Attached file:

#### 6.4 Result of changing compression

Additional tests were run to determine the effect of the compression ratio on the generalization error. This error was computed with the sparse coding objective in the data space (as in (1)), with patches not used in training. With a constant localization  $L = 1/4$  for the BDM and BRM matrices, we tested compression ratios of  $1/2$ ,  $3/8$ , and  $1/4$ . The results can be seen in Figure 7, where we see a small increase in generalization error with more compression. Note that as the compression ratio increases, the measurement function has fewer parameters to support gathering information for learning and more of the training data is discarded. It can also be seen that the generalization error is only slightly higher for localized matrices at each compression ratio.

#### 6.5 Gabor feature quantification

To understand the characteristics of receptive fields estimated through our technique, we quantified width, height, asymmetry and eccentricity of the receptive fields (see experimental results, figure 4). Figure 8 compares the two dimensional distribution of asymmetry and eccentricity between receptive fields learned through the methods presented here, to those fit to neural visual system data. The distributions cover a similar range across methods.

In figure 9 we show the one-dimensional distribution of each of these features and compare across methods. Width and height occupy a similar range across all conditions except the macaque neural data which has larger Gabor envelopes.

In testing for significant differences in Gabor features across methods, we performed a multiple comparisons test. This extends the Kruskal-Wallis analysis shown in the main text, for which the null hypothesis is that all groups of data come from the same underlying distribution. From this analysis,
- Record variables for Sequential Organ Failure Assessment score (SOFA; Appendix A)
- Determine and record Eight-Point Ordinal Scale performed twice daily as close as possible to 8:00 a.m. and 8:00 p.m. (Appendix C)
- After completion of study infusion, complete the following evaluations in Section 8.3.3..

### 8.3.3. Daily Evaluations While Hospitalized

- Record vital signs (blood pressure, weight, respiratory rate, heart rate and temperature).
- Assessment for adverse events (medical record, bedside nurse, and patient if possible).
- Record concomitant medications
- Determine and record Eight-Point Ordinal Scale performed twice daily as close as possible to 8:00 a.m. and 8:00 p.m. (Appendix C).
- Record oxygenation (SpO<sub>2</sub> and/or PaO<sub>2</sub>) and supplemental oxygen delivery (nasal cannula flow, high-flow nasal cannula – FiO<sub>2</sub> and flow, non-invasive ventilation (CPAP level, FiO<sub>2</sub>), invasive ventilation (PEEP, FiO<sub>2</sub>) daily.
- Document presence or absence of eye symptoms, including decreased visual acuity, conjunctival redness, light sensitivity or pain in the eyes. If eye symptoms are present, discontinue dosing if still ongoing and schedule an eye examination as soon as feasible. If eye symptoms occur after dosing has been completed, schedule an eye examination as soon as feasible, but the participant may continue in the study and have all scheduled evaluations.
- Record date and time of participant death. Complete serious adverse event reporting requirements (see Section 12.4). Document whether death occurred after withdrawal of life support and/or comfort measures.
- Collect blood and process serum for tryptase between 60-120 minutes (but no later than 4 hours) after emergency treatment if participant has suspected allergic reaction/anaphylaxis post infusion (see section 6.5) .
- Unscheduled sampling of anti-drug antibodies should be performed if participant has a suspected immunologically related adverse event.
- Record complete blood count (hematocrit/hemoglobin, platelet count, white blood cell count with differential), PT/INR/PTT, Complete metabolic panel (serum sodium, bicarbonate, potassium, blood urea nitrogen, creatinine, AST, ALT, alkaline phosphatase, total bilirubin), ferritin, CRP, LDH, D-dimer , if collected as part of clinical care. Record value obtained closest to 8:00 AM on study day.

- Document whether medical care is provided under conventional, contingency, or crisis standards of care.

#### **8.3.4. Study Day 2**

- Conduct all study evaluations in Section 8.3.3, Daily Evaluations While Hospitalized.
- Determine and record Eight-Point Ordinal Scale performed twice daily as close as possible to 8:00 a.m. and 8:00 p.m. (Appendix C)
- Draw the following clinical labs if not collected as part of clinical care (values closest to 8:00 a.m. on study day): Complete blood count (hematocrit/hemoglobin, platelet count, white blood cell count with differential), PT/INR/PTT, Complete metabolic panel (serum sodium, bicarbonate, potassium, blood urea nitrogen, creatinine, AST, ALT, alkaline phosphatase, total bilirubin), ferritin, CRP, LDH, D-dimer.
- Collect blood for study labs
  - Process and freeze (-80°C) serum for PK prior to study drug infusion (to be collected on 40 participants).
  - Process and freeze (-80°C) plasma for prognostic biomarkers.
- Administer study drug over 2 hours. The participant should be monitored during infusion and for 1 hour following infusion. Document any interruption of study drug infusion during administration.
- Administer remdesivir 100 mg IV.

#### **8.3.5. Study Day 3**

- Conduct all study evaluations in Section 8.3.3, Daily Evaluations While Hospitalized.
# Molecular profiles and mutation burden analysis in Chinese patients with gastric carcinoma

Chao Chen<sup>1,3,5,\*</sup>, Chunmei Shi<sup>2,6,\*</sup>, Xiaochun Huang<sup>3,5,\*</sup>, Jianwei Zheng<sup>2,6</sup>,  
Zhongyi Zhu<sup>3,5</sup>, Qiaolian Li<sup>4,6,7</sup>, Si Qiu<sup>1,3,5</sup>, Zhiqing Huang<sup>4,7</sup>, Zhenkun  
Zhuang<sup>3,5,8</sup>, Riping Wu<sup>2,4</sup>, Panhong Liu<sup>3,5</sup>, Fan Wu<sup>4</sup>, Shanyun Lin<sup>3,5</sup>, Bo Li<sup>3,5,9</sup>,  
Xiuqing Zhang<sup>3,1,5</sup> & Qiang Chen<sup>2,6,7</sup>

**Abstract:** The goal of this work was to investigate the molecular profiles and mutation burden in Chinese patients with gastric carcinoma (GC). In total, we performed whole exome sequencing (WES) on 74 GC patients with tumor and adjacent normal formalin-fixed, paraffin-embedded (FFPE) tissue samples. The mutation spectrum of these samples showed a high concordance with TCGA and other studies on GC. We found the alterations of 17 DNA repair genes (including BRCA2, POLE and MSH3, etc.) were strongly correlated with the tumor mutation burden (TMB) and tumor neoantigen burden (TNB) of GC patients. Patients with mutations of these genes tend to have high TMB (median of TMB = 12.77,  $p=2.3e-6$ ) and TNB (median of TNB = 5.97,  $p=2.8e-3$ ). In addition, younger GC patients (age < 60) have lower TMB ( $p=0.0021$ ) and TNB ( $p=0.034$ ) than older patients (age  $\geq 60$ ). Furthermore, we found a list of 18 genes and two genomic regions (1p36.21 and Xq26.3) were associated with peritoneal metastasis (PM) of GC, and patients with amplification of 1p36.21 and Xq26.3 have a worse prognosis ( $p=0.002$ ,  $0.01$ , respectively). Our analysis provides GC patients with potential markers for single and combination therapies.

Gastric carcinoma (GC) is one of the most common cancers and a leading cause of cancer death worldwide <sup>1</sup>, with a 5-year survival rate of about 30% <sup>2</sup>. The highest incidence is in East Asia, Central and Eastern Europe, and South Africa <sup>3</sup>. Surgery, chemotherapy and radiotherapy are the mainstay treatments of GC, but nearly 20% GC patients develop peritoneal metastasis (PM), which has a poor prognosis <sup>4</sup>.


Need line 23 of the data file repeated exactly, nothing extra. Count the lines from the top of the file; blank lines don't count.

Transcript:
- Conduct all study evaluations in Section 8.3.3, Daily Evaluations While Hospitalized.